The Graphene Challenge Graphene is a new material that is just in its infancy in terms of commerical usage. It’s from graphite, the stuff in pencils. It’s magical stuff — 150 times stronger than steel, flexible like rubber, and potentially usable in electronics, water filtration, energy, building construction, medical, and more. It’s the thinnest material known to man at this moment. It’s 250 times more conductive or “mobile” than silicon. It hit the news again recently as scientists have discovered a much cheaper way to produce the material. This is a market that is about to explode. It’s frustratingly hard to work with. But that’s the fun part.  Unfortunately for the USA, it would see the prime early movers in




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    Domain Knowledge Matters Donald Trump

    Call me king of the obvious but I’d like to remind folks about something related to leadership, innovation, and the upcoming election. Domain Knowledge Matters I’m not taking political sides here but I’m going to make a point about Donald Trump’s candidacy. Let’s face it he has captured the attention of a large group of people. This is factual — the polls have him leading the GOP field. My opinion on why he’s doing so well is this: Trump says things that are bold, straightforward, non-PC and they echo the sentiments of many Americans. People love this approach because it’s just not what they’re used to hearing from a politician. I’ll put aside the notions and accusations that he’s racist,




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    Three Sad Innovation Lessons From Radio Shack

    Keep Punching, Stay True to Yourself and Trends, Make Things The demise of Radio Shack., it’s depressing. Much like Kodak you read the history of events and can point to several ideas not done that could have saved them. You can also point to many ideas they tried that were clearly the wrong bets. Hindsight is better than foresight, but still, if they’d stuck to their original values they might have survived. Radio Shack substituted short sighted management tactics for real innovation and invention and that’s ultimately what killed them. They lost the sense of who they were as a company and that led them down a lot of innovation blind alleys. A once loved brand in consumer electronics, and a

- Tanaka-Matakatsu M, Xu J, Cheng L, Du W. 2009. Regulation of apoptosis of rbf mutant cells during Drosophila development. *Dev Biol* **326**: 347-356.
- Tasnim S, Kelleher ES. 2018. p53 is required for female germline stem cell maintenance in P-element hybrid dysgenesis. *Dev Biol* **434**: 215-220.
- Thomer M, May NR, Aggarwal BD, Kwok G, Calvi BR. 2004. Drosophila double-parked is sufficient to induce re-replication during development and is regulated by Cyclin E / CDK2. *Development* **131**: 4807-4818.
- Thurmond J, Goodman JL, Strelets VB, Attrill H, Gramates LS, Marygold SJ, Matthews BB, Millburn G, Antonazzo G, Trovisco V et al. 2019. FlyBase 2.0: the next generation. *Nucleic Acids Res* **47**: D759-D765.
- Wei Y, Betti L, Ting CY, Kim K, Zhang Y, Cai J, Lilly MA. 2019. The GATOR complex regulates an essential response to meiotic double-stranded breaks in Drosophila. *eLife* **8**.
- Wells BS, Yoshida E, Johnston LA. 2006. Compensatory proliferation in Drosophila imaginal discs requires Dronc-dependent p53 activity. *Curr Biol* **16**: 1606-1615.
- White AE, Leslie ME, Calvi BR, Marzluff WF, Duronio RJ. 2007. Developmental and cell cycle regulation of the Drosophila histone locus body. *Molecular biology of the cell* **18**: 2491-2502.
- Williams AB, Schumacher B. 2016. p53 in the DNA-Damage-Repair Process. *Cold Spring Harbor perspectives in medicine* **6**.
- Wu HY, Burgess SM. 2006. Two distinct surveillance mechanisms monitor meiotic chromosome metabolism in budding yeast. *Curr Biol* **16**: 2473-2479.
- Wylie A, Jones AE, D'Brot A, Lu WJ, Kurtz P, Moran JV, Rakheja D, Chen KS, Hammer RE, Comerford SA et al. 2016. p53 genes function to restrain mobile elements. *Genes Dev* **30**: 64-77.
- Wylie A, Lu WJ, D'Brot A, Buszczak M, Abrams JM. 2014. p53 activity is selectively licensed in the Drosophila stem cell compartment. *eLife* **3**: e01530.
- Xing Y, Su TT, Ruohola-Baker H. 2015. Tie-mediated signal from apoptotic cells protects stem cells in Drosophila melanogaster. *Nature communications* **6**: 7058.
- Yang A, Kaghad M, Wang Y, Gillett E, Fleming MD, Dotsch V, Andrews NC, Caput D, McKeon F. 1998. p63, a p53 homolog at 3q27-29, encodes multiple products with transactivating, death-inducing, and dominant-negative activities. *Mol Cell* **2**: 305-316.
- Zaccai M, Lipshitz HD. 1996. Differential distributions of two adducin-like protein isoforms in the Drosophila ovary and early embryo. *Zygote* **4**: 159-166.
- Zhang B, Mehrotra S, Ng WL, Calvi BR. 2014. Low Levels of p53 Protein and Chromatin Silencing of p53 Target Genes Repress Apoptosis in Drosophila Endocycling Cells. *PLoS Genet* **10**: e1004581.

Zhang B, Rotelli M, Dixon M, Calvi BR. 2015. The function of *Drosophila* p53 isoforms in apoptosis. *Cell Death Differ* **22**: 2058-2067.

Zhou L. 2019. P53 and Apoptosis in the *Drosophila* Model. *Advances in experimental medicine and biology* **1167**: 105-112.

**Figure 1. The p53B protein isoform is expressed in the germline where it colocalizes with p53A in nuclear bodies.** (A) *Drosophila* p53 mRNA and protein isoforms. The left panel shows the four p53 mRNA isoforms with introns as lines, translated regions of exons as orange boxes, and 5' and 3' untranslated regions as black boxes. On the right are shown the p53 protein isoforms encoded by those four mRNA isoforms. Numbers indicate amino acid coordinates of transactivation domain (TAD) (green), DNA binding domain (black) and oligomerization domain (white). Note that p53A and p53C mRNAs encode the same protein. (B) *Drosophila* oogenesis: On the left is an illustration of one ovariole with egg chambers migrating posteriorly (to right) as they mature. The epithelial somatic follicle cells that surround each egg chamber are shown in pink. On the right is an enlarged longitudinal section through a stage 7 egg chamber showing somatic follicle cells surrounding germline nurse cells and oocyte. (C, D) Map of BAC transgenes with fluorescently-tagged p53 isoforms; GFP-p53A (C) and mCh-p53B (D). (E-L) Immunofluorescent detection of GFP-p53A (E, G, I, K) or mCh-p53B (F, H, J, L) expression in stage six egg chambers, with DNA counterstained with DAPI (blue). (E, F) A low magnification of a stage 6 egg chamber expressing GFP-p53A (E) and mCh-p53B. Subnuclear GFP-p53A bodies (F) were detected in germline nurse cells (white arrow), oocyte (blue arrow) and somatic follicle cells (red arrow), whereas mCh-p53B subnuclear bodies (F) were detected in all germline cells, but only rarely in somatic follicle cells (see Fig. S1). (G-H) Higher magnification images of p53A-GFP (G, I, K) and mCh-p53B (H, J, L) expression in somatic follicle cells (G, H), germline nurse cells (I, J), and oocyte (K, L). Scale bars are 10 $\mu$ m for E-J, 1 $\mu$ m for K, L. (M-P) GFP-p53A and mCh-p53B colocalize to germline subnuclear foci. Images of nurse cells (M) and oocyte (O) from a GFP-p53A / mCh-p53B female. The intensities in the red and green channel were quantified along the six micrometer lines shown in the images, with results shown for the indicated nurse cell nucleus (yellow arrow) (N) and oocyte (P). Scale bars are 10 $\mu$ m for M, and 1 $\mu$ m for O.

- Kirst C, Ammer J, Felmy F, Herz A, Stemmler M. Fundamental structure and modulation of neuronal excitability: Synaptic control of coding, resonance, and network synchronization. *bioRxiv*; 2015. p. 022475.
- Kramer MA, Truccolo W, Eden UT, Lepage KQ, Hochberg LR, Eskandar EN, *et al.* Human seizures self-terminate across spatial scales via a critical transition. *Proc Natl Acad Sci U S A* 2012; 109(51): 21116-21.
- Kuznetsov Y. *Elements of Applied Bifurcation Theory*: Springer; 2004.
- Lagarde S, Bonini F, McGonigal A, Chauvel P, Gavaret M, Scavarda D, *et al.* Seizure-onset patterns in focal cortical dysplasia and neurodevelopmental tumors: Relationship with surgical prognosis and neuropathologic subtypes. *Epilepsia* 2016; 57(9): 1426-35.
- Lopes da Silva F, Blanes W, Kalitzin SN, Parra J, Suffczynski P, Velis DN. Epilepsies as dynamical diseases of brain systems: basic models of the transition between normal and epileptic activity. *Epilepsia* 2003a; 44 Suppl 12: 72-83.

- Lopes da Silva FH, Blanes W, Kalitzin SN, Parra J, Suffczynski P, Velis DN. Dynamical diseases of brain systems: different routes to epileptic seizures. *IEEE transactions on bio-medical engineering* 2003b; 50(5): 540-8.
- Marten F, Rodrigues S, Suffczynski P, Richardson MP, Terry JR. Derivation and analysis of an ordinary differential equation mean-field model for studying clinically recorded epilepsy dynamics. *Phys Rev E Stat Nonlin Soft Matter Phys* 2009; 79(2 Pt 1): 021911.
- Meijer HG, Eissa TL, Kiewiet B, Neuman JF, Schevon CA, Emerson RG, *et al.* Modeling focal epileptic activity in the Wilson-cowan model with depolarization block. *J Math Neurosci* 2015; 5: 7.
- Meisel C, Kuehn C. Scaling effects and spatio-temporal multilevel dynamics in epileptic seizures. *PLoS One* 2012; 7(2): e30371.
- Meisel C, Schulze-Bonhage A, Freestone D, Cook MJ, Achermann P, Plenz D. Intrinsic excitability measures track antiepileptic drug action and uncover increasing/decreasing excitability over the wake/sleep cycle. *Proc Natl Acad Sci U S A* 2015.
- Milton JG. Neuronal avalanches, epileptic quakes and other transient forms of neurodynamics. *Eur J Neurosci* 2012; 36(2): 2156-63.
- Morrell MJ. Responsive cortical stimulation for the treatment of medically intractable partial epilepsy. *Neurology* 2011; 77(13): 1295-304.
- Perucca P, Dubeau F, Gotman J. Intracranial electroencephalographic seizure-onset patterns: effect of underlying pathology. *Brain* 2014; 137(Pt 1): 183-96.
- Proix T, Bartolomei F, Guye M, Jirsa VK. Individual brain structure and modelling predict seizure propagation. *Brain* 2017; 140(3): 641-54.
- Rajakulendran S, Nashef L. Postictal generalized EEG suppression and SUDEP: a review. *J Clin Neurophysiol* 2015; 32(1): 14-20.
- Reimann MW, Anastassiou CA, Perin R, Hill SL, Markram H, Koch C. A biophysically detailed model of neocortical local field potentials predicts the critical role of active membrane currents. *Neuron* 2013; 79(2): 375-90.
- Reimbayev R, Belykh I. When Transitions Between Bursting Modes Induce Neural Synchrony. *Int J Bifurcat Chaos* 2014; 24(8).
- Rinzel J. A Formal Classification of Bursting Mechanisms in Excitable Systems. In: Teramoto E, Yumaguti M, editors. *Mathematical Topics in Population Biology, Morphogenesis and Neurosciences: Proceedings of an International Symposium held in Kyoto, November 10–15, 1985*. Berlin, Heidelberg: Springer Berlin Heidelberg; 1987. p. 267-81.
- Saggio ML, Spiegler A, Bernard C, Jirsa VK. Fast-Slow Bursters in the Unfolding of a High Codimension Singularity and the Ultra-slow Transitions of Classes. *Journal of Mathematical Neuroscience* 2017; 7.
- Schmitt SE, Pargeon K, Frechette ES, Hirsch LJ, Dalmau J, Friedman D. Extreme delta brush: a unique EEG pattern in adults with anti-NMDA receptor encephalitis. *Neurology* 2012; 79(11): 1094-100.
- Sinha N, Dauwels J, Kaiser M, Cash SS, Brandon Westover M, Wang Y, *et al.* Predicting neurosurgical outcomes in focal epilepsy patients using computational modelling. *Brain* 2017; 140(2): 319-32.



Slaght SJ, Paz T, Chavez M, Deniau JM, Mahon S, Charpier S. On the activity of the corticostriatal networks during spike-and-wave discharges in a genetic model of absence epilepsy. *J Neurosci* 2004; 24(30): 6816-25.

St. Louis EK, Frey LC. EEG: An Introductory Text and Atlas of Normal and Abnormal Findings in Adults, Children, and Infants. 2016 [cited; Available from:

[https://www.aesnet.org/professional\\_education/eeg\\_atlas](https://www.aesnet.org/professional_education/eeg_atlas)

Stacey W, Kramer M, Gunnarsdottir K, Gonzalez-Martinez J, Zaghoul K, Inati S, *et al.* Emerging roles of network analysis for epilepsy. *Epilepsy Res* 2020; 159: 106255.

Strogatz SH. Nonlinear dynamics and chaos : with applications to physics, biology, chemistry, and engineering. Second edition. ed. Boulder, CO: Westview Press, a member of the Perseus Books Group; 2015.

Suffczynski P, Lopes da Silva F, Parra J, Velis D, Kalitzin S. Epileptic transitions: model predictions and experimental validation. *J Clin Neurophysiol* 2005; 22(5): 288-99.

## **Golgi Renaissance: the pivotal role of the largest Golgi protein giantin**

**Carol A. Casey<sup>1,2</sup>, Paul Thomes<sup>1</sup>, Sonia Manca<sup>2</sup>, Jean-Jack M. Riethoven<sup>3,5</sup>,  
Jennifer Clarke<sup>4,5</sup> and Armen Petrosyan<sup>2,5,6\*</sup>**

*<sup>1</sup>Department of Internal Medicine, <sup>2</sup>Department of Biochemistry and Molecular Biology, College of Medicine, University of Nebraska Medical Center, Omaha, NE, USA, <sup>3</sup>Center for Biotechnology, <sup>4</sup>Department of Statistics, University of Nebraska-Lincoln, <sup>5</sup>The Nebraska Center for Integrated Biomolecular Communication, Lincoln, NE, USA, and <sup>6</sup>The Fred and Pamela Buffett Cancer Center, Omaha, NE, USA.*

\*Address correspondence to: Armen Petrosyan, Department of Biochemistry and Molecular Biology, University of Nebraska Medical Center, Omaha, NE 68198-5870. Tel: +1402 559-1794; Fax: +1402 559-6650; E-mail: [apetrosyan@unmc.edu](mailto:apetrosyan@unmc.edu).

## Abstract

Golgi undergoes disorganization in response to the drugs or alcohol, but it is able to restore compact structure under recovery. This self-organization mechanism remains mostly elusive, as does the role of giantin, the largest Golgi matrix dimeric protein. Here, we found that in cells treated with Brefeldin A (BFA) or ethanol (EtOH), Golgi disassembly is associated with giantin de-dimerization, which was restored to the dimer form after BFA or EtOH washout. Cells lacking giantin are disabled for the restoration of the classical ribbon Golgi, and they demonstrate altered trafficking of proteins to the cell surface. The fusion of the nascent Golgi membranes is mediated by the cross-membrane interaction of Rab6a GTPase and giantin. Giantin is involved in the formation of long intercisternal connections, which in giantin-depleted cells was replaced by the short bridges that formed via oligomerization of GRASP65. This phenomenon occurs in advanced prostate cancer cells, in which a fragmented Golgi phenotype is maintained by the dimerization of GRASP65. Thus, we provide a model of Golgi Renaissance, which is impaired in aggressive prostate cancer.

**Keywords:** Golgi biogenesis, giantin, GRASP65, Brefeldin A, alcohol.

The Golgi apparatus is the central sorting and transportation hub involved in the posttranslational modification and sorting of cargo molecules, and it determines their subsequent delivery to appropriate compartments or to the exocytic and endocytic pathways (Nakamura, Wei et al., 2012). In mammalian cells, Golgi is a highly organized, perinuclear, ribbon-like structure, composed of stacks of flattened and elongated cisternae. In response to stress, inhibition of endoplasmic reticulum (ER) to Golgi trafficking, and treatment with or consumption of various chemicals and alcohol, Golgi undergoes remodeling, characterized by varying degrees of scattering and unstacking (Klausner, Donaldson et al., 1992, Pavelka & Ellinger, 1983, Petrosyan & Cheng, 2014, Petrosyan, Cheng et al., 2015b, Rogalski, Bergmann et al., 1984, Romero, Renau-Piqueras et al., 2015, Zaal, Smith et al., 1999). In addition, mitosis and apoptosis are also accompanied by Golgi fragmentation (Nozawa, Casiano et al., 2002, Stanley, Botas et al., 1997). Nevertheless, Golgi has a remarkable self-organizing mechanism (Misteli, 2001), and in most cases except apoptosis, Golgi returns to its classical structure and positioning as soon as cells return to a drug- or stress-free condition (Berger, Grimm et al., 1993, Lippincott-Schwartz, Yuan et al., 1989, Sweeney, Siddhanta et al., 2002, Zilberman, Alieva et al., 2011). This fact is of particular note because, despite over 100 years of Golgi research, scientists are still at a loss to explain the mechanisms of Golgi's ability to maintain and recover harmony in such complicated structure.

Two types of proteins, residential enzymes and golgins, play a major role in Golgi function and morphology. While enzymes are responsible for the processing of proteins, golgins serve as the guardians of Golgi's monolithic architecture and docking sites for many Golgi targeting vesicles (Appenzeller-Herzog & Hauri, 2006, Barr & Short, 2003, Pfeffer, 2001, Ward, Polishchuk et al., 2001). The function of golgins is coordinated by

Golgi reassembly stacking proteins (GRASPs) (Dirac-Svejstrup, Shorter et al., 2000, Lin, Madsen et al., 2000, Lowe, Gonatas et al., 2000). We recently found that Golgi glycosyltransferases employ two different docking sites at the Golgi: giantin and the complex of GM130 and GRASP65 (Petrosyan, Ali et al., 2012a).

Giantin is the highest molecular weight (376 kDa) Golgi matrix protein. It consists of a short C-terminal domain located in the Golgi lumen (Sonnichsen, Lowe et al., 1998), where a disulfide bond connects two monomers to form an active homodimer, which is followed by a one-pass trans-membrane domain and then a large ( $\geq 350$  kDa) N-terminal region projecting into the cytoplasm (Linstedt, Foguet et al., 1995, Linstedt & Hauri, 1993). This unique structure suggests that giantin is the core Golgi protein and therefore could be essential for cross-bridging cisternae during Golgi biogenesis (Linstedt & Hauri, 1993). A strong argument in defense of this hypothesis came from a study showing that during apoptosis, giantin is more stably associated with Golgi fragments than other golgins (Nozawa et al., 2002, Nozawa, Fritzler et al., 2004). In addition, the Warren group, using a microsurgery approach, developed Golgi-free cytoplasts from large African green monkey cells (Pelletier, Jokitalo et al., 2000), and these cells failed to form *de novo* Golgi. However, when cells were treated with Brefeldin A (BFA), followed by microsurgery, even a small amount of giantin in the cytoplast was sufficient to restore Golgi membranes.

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    Four Criteria for Hiring an Innovation Speaker

    Four Criteria for Hiring an Innovation Keynoter Let this post work as a guide for meeting planners. You don’t have to hire me as your innovation speaker, but if you hire one, you’ll be well served if you pay attention to these four criteria and my comments in bold. Innovation is a complex, wonky topic and it has some special requirements that go beyond the classic things meeting planners look for in a speaker. Let’s keep this simple and as neutral as possible — my shameless personal plug is at the very bottom. I’m even going to suggest my competition here. So here goes, in my view an Innovation Speaker should: 1. Have a background as a successful entrepreneur and/or




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    Rural Broadband Necessary for Rural Innovation

    Tuesday– September 23, 2014 It’s nice to see that people are recognizing that innovation isn’t always in Silicon Valley. Writing you today from the countryside in Three Oaks, Michigan, aka “Michiana” — where my poky web access is satellite based. Steve Case’s article earlier this week in the Washington Post  — Why innovation and start-ups are thriving in ‘flyover’ country —  is spot on. Case, you may recall, was co-founder of AOL. He correctly identifies the reasons why Chicago, Denver, Cincinnati, and other smaller cities are becoming vibrant centers of start-ups. He’s asking for investments of time and money to be made in order to further the trend. I agree, and… He didn’t go far enough with his article — he missed one




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    Big Imagination is Blind Spot Remover

    Coming back from a trip to Toronto (visiting with the amazing Min Basadur) I spotted an interesting billboard at O’Hare airport. IBM suggests they can help “Remove the Blind Spots from Your Business” — by using Big Data and analytics. The visual of a man at a kind of virtual desktop that has visibility to ships, trucks, retail, and factories indicates that if you can just know more about what’s going on out there you’ll have nothing to worry about. If only that were so. I’m not bad rapping IBM here, I’m sure they can indeed provide lots of interesting insight using Big Data and analytics. Many companies would be well served to do a better job with this. Using




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    Let’s Tax the Boy Scouts

    Do you belong to a Credit Union? Many Americans do, about 97 million to be precise. A large number, although Credit Unions represent only 6% of financial transactions. I’m posting about credit unions because these beneficial organizations are under attack. The link to innovation is profound — credit unions are how many people establish their financial base. People with a financial leg to stand on are the kind of people who start businesses and fuel the economy. Have you ever heard the phrase “building up a stake?” You can’t start a new company, or even a family, with nothing. One must have at least seed money, or more, to get a start-up going. Credit Unions are a great way for